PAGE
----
The PEOPLE of the State of California, Plaintiff and Respondent, v. Louis SCHINDLER, Defendant and Appellant.
In an information filed June 16, 1967, defendant was charged with the murder of his wife June. After a jury trial he was convicted of second degree murder. On appeal the conviction was reversed (People v. Schindler, 273 Cal.App.2d 624, 78 Cal.Rptr. 633), but by then defendant had spent considerable time in prison.
After a second jury trial defendant was convicted of voluntary manslaughter. Again sentenced to state prison, he appeals. Pending the present appeal he is at liberty on his own recognizance.
Apart from additional psychiatric testimony, by prison psychiatrists and other personnel, there is no material difference between the evidence adduced at the two trials. We therefore merely refer to the summary of the evidence as it is related in Presiding Justice Roth's opinion on the first appeal.
Defendant's contentions on this appeal are summarized as follows in his opening brief:
‘1. The Court Erroneously Denied Appellant's Motion to Dismiss the Information and Erroneously Denied Appellant's Motion for Acquittal.
‘2. The Court Erred in Refusing to Dismiss the Information on the Ground that Appellant had Previously been Acquitted of the Offense Charged and/or had been Placed Once in Jeopardy with respect to the Offense Charged.
‘3. The Court Erred in making Certain Rulings Relating to the State of Mind Exception to the Hearsay Rule.
‘4. The Court Committed Reversible Error in Refusing to Admit Certain Exhibits into Evidence.
‘5. The Court Committed Reversible Error in Instructing the Jury.
‘6. The Court Committed Reversible Error in Explaining the Verdicts to the Jury.
‘7. The Court Erred in Denying Probation to Appellant in that:
‘(a) Because Appellant Served More Time in Prison than the Minimum Time Appellant would have been Required to Serve to be Eligible for Parole in Light of the Offense Committed by him, the Provisions of Penal Code s 1203 relating to the Grant of Probation only if certain Conditions were met were Inapplicable in Appellant's Case.
‘(b) Appellant did not use a Deadly Weapon upon the Victim within the meaning of Penal Code s 1203; Accordingly, the ‘Use of a Deadly Weapon’ Provisions of Penal Code s 1203 were Inapplicable to Appellant's Case and did not Preclude the Court from Granting Probation to Appellant.
‘(c) Under a Proper Construction of Penal Code s 1203, Appellant was Entitled to Probation under that Section.’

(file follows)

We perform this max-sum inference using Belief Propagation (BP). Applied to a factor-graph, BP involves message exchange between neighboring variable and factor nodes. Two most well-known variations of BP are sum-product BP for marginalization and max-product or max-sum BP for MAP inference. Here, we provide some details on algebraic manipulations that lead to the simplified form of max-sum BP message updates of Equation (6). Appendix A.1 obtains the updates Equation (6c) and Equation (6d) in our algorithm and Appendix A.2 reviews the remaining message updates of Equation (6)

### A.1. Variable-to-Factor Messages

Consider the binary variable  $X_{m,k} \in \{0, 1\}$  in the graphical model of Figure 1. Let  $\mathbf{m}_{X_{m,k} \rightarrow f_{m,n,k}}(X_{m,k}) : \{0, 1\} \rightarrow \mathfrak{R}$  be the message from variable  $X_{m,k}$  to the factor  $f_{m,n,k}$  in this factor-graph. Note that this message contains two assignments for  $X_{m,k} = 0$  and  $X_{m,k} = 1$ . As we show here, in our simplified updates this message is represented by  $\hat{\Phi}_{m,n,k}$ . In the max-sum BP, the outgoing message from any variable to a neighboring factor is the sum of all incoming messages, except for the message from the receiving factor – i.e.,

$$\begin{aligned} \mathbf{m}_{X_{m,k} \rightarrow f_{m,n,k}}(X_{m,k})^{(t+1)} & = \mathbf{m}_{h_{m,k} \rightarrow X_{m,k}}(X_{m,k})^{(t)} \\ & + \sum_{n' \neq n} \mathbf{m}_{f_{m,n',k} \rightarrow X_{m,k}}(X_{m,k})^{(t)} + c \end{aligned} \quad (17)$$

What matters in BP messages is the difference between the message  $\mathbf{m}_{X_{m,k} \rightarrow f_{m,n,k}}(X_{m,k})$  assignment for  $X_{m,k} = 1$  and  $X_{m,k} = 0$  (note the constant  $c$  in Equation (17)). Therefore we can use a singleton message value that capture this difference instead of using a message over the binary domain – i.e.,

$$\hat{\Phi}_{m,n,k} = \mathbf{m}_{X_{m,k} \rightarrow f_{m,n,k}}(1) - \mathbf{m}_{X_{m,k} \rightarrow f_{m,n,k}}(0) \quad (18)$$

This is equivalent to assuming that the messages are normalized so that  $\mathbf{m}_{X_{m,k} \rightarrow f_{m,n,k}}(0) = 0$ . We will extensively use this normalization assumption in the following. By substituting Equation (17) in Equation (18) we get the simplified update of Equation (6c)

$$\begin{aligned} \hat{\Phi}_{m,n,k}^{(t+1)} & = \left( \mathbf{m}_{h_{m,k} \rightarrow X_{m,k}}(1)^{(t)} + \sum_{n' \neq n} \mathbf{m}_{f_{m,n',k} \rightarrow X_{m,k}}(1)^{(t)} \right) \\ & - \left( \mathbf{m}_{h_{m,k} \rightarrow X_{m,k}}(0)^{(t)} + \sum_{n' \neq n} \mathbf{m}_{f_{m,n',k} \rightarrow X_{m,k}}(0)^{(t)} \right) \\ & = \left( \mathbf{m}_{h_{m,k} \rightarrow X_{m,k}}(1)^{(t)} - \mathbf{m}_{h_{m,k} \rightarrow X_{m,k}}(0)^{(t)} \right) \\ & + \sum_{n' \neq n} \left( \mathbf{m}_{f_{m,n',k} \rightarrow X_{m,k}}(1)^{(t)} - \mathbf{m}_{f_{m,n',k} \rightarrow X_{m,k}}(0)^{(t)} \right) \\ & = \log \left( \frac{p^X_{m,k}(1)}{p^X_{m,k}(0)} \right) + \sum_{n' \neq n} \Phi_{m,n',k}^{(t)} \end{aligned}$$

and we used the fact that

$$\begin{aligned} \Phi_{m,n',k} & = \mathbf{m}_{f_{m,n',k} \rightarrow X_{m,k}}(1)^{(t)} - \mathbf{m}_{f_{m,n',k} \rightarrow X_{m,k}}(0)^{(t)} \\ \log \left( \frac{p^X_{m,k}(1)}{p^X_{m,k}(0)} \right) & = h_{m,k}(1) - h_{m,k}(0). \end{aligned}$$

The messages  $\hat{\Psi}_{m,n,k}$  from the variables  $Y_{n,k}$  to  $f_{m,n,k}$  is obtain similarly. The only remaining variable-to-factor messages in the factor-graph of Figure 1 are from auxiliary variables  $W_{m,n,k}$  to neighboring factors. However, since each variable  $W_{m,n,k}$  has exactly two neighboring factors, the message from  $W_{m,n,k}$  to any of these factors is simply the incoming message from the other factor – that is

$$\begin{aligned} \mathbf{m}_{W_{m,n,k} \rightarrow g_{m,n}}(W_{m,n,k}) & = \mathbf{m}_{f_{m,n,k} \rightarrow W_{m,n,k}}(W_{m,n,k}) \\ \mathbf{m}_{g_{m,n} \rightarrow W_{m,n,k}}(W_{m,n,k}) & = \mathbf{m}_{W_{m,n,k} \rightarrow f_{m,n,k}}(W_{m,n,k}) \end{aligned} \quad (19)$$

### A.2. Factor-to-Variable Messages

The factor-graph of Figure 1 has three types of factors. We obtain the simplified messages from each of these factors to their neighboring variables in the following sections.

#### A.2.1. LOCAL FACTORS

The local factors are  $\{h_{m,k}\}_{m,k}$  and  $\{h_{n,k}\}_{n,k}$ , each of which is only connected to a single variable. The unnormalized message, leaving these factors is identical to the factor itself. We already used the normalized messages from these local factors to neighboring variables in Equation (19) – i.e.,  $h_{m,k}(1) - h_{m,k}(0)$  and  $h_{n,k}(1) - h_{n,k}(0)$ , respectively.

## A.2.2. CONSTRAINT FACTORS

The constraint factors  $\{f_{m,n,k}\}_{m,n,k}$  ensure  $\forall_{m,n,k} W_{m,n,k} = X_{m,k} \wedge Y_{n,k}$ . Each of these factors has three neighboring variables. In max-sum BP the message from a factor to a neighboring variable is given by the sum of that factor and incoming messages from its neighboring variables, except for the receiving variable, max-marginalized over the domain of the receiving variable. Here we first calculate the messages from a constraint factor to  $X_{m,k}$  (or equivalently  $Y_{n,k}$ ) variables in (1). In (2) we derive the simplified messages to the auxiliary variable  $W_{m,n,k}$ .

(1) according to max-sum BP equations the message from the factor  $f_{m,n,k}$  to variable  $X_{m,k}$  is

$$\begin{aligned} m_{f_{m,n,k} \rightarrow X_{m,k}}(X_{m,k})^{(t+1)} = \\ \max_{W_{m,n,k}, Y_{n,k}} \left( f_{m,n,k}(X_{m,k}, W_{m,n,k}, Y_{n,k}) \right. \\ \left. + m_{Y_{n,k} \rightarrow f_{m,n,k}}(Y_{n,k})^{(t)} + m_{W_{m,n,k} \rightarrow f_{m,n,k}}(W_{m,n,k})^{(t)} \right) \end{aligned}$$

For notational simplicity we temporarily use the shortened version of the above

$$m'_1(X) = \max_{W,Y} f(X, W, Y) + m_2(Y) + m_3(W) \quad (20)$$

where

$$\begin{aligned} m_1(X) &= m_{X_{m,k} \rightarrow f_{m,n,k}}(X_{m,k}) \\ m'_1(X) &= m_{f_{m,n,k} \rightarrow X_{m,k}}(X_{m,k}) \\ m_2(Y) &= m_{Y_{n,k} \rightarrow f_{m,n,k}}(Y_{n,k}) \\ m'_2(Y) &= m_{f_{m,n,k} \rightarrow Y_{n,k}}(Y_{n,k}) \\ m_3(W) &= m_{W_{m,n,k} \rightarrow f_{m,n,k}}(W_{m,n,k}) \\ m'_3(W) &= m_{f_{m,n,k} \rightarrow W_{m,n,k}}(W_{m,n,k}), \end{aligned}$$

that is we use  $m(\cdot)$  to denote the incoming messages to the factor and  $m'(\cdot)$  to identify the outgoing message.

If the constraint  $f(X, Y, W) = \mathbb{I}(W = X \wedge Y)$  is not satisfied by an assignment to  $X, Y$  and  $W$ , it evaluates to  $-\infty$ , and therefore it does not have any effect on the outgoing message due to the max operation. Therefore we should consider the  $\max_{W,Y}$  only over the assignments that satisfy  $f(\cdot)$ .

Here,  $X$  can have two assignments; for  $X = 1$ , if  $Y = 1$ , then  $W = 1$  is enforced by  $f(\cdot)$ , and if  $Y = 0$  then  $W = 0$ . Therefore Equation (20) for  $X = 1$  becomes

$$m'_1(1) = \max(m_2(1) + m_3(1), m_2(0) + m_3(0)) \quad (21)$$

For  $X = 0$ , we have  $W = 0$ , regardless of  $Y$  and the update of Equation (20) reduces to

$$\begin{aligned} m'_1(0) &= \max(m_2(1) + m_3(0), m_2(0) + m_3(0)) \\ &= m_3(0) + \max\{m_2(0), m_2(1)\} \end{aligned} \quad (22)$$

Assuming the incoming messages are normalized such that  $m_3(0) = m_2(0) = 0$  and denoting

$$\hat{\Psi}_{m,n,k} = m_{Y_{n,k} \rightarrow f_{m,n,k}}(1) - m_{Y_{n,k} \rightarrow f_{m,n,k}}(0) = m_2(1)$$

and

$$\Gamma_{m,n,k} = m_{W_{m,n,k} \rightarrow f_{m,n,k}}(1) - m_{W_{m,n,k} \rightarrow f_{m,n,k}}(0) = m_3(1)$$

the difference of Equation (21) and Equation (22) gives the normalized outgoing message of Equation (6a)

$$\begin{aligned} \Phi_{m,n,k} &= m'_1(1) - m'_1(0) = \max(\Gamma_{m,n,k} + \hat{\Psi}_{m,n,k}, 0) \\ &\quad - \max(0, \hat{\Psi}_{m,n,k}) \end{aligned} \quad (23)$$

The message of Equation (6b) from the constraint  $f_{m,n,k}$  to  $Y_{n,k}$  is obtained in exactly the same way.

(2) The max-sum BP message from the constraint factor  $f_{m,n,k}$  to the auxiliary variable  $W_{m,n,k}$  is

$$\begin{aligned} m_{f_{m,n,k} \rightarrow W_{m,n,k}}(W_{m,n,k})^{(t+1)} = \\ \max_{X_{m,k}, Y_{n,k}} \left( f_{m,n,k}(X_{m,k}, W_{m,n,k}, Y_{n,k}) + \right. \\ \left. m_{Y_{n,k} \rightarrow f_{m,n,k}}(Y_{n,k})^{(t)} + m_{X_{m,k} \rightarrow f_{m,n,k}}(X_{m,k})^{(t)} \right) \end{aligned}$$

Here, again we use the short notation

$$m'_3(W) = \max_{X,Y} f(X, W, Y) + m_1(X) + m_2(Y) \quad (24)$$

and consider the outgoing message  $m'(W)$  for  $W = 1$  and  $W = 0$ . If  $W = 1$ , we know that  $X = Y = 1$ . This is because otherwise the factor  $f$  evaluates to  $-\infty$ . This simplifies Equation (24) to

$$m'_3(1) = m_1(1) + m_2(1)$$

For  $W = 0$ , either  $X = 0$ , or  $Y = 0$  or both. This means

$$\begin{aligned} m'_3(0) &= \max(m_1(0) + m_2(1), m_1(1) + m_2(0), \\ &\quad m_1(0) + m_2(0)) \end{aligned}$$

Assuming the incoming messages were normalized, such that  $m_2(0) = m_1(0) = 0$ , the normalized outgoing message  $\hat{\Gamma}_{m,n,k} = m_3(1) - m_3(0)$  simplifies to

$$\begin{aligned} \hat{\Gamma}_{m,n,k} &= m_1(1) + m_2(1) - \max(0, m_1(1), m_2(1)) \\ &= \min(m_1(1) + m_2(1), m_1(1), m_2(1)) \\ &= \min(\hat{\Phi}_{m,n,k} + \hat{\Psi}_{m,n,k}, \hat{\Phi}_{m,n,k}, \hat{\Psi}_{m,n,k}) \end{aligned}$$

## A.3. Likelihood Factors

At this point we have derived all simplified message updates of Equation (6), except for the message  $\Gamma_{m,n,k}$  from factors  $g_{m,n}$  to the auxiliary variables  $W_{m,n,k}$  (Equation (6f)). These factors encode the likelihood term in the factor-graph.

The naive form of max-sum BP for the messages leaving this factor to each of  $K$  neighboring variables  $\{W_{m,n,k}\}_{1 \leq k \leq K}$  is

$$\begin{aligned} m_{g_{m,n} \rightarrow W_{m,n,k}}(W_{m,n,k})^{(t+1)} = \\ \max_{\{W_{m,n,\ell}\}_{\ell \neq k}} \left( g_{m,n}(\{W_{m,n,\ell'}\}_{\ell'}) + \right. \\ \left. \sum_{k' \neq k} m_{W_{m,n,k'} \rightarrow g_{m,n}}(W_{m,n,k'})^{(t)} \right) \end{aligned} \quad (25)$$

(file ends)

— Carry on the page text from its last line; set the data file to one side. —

The numbered parts of this opinion correspond with the numbers in the above specifications of error.
The opinion on the first appeal contains the following passage:
‘Appellant further contends that the complaint filed in the municipal court did not state facts sufficient to provide the magistrate with sufficient information to issue a warrant for appellant's arrest, and by reason thereof, all subsequent proceedings in the case were without color of law. (People v. Sesslin, 68 Cal.2d 418, 425—426, 67 Cal.Rptr. 409, 439 P.2d 321.) The complaint on information and belief charges the crime of murder was committed by Louis Schindler. It is vague and subject to criticism. However, no objection was made at the preliminary hearing or the trial. (Cf. People v. Butler, 64 Cal.2d 842, 844, 52 Cal.Rptr. 4, 415 P.2d 819.) Obviously, no solid purpose could have been served by an objection.’ (People v. Schindler, Supra, 273 Cal.App.2d at p. 644, 78 Cal.Rptr. at p. 644.)
At the second trial defendant did move to dismiss the information on Sesslin grounds. The motion was denied. The ruling was obviously correct. Defendant cannot point to any exploitation of what may have been an illegal arrest. How he got into the courtroom to be tried is immaterial. (People v. Valenti, 49 Cal.2d 199, 203, 316 P.2d 633.)
At the trial, as well as here, defendant claimed that the first trial had placed him in jeopardy even as far as second degree murder is concerned. Defendant has standing to make the point even though he was only convicted of manslaughter. (Price v. Georgia, 398 U.S. 323, 331—332, 90 S.Ct. 1757, 26 L.Ed.2d 300.) Nevertheless it is so obviously without merit that it requires no further discussion. (In re McCartney, 64 Cal.2d 830, 51 Cal.Rptr. 894, 415 P.2d 782; People v. Henderson, 60 Cal.2d 482, 495—497, 35 Cal.Rptr. 77, 386 P.2d 677; Gomez v. Superior Court, 50 Cal.2d 640, 643, 328 P.2d 976.)